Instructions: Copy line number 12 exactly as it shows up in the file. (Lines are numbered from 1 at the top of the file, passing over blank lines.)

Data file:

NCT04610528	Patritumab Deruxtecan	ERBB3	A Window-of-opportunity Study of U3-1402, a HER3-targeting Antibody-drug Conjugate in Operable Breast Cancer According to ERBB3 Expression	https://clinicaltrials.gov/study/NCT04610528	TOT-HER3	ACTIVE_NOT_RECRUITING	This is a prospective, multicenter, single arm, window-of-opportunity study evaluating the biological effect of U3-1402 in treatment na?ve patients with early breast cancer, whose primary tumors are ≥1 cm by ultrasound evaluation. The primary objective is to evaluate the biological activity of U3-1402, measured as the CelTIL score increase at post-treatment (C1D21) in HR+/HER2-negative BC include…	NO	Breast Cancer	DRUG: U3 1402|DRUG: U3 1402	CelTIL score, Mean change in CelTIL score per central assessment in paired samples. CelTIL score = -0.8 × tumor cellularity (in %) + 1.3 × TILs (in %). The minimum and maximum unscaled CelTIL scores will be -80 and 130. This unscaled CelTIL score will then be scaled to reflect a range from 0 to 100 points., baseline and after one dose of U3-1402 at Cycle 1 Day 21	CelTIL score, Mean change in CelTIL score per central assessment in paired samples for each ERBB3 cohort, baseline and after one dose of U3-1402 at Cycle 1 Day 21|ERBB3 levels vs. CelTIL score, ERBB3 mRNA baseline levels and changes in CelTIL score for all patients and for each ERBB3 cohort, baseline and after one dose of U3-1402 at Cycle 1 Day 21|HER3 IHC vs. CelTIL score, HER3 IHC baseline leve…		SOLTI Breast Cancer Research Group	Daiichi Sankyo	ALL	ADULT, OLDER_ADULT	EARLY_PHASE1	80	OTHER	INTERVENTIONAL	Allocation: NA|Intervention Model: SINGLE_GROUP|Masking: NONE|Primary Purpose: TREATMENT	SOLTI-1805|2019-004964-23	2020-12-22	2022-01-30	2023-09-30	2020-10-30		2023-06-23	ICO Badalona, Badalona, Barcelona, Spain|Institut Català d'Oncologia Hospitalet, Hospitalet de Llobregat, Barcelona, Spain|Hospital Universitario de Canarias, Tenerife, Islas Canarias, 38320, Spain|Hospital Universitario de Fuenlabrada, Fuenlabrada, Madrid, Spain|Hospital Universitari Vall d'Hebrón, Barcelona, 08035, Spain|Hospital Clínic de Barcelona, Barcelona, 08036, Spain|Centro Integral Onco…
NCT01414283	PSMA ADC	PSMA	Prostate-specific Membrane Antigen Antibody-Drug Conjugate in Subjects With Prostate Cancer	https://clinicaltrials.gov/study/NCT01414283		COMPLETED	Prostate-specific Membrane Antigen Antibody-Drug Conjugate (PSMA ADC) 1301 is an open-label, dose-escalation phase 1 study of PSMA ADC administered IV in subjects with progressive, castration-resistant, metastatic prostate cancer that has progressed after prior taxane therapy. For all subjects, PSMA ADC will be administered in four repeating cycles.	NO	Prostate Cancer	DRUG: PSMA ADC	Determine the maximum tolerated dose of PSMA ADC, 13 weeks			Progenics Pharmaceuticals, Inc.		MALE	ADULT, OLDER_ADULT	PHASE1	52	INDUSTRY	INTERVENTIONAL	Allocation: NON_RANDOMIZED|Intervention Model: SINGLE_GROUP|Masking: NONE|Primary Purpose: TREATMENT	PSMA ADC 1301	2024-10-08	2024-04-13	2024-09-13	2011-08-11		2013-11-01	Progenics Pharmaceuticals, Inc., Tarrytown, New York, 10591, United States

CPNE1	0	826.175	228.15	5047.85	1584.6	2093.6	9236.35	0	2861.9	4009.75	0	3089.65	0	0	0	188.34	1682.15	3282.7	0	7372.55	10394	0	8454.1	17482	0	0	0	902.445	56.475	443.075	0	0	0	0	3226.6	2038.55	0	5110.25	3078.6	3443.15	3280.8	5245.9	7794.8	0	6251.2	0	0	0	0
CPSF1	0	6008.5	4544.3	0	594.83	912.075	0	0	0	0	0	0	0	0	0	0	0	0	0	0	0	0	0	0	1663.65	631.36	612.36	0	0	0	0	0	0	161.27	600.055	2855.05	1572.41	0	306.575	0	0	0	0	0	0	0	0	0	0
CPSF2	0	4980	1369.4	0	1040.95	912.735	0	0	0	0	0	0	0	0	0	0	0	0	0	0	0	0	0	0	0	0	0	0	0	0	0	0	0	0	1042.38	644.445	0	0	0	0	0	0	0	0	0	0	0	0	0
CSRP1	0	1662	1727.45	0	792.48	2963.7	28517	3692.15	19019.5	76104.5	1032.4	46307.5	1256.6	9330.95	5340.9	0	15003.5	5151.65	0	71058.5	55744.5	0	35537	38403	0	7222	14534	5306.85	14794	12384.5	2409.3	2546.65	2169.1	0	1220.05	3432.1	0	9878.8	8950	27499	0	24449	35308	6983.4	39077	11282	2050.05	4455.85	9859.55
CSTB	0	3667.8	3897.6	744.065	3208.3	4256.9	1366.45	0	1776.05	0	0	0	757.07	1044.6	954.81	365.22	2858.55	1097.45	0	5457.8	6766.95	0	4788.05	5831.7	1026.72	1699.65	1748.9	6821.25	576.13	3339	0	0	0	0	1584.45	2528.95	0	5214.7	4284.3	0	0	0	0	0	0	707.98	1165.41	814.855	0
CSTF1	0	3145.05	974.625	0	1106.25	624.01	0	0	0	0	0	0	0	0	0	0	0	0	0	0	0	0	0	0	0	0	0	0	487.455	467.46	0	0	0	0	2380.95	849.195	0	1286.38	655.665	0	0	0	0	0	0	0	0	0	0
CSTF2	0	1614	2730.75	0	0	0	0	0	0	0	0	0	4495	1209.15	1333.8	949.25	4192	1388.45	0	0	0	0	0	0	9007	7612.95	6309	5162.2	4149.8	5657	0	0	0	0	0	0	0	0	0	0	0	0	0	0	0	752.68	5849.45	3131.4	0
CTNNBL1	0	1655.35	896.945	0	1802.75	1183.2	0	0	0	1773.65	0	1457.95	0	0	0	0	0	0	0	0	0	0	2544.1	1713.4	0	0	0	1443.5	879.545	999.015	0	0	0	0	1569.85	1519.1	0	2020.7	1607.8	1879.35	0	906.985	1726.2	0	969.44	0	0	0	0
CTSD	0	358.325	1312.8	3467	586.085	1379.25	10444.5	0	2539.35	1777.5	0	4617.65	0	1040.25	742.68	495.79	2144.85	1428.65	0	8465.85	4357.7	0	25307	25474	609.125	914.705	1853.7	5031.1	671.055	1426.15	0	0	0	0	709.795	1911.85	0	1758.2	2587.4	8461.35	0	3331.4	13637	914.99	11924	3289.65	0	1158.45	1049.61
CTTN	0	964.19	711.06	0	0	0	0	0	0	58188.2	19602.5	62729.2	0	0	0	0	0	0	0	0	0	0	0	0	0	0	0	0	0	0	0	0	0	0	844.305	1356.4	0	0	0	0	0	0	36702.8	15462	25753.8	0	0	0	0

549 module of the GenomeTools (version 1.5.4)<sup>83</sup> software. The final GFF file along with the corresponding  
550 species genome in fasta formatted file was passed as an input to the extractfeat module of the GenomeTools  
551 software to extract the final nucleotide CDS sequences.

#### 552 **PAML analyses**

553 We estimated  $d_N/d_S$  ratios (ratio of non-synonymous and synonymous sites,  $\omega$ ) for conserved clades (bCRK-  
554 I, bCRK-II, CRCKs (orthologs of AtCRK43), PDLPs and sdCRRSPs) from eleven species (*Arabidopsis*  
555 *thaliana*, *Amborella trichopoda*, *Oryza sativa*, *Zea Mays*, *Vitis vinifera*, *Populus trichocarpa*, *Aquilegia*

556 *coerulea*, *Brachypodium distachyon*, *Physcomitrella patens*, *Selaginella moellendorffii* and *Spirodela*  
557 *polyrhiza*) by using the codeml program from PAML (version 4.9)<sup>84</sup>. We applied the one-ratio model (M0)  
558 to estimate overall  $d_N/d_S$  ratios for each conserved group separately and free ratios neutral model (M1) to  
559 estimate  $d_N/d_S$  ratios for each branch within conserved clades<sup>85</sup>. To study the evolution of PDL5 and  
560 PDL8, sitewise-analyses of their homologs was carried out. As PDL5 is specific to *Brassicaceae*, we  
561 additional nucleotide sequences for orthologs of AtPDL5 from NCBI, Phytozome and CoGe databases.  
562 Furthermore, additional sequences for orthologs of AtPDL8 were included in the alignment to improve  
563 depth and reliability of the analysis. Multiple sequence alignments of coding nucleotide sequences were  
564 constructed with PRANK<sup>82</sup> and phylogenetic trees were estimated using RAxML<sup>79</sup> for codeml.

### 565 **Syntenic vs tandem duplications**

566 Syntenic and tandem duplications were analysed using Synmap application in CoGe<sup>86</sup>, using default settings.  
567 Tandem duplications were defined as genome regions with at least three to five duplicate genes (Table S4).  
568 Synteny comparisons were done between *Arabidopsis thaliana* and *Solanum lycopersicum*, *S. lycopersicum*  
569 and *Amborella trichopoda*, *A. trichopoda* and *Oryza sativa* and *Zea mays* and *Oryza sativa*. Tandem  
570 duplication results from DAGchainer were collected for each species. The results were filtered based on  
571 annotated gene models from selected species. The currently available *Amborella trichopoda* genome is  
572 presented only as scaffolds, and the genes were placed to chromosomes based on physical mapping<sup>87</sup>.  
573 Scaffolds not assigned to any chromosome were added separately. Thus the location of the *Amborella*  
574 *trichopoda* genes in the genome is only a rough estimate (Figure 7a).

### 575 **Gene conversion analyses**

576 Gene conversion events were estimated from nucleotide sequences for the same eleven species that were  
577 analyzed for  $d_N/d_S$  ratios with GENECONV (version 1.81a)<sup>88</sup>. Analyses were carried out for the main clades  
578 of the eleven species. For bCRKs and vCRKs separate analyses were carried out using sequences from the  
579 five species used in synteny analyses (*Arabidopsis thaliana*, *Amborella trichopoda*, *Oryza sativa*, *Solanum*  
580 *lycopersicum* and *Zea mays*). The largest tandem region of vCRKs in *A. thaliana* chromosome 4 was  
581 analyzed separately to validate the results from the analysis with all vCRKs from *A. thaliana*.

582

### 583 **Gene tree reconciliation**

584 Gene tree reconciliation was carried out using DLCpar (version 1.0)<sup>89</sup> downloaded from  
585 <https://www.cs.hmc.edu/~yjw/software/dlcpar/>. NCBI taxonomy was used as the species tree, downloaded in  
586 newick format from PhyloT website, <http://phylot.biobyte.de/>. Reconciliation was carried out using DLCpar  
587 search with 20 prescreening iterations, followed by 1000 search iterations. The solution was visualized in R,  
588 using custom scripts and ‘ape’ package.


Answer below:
CTTN	0	964.19	711.06	0	0	0	0	0	0	58188.2	19602.5	62729.2	0	0	0	0	0	0	0	0	0	0	0	0	0	0	0	0	0	0	0	0	0	0	844.305	1356.4	0	0	0	0	0	0	36702.8	15462	25753.8	0	0	0	0